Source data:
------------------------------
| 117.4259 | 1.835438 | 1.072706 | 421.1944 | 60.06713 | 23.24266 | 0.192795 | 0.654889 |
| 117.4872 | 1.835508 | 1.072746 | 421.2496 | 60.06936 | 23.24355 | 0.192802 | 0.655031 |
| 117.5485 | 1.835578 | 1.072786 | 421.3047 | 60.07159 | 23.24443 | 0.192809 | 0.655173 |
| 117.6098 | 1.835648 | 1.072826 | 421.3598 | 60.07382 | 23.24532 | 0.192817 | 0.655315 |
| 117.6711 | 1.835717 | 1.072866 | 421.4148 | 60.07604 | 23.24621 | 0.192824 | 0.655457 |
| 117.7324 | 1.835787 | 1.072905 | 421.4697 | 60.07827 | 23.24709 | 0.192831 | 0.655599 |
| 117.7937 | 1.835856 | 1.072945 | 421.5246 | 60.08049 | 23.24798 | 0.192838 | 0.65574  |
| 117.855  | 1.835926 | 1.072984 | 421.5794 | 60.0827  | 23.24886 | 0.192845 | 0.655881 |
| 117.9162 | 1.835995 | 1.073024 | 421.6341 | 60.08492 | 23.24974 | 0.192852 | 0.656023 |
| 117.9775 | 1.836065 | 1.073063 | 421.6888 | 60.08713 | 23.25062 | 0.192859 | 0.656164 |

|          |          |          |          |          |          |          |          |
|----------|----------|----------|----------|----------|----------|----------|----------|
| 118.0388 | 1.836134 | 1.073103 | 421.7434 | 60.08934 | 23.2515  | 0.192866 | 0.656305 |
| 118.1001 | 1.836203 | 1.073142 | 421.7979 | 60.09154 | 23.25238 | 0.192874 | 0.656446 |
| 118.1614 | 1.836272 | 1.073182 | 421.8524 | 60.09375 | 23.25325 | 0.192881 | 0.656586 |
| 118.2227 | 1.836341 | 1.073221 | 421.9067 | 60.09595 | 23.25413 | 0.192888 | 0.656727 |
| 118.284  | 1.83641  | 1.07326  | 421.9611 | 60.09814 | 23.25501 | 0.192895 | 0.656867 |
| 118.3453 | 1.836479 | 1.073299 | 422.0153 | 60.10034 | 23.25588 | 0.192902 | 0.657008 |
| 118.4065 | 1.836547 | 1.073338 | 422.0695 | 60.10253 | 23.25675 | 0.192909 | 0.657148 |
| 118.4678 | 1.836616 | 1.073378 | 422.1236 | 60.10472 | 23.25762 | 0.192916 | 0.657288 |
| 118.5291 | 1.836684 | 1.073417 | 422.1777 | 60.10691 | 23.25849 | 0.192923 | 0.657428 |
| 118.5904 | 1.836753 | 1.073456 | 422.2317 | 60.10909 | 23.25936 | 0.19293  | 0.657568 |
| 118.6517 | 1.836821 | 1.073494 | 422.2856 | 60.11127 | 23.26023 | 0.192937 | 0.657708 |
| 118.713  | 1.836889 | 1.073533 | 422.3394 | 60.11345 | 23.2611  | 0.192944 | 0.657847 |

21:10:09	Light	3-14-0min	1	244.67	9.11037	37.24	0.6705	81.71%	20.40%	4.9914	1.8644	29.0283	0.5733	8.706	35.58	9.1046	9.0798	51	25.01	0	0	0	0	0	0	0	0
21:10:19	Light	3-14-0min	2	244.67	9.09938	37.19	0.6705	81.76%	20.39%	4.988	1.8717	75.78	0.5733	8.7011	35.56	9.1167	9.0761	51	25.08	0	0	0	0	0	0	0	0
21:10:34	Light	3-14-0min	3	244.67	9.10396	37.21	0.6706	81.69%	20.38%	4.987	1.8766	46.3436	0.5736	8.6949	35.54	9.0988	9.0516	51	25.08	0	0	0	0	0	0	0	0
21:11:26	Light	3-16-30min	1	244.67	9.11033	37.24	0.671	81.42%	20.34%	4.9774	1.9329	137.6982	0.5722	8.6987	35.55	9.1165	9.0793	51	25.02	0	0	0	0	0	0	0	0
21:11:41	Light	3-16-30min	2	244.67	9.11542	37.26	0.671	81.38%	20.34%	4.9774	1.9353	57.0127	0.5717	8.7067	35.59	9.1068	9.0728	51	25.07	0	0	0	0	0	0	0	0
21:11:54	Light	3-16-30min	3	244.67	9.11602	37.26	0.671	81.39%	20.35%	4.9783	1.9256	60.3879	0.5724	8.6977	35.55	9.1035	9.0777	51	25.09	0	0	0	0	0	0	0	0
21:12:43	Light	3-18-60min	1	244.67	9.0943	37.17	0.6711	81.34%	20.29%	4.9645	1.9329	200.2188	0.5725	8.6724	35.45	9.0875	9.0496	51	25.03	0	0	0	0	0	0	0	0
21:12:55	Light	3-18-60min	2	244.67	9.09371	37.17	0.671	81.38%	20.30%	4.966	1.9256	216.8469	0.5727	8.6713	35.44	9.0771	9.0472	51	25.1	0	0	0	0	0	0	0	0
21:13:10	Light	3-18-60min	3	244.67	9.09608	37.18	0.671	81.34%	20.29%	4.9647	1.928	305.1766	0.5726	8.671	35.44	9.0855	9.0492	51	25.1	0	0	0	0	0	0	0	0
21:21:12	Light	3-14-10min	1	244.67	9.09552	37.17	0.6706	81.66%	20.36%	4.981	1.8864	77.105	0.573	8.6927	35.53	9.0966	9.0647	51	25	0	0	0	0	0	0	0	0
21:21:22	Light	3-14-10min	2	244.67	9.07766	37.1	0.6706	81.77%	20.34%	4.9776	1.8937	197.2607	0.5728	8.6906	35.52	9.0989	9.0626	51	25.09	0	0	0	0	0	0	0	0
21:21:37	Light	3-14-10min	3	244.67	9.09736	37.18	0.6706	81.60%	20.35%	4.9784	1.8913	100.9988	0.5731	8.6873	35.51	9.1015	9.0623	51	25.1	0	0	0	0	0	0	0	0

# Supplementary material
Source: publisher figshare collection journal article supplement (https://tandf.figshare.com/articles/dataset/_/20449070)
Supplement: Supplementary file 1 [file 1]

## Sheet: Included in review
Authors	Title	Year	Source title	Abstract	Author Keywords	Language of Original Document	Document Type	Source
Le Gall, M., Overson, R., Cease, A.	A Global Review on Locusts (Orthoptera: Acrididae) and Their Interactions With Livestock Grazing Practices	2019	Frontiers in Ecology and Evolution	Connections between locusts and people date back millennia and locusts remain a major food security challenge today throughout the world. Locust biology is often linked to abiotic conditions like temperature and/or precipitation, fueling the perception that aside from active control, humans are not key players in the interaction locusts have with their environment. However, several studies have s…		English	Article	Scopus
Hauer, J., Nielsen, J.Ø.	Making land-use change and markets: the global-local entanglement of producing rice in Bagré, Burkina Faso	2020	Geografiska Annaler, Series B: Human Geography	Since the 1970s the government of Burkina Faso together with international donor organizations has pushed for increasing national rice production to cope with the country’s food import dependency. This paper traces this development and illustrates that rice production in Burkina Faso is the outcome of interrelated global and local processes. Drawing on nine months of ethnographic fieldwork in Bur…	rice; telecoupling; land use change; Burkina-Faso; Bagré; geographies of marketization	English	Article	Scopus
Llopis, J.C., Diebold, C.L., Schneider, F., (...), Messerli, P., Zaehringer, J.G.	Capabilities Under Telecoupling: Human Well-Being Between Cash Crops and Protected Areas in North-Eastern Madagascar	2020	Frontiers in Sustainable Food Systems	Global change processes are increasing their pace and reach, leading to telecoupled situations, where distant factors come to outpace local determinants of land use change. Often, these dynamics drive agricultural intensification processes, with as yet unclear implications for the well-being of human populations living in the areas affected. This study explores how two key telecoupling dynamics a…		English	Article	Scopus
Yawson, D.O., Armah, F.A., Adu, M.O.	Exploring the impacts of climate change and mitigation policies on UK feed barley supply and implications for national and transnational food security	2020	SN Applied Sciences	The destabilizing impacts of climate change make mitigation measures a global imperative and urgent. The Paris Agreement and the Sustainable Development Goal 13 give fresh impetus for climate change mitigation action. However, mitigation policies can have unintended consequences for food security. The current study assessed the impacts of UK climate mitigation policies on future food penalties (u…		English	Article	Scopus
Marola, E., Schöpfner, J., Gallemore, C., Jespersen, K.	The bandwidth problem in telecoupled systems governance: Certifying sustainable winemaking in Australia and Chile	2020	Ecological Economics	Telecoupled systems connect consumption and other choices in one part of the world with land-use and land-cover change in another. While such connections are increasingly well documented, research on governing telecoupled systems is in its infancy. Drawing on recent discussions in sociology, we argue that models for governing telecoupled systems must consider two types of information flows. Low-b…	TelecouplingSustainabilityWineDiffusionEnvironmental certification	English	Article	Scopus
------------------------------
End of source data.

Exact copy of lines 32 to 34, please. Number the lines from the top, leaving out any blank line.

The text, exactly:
21:12:55	Light	3-18-60min	2	244.67	9.09371	37.17	0.671	81.38%	20.30%	4.966	1.9256	216.8469	0.5727	8.6713	35.44	9.0771	9.0472	51	25.1	0	0	0	0	0	0	0	0
21:13:10	Light	3-18-60min	3	244.67	9.09608	37.18	0.671	81.34%	20.29%	4.9647	1.928	305.1766	0.5726	8.671	35.44	9.0855	9.0492	51	25.1	0	0	0	0	0	0	0	0
21:21:12	Light	3-14-10min	1	244.67	9.09552	37.17	0.6706	81.66%	20.36%	4.981	1.8864	77.105	0.573	8.6927	35.53	9.0966	9.0647	51	25	0	0	0	0	0	0	0	0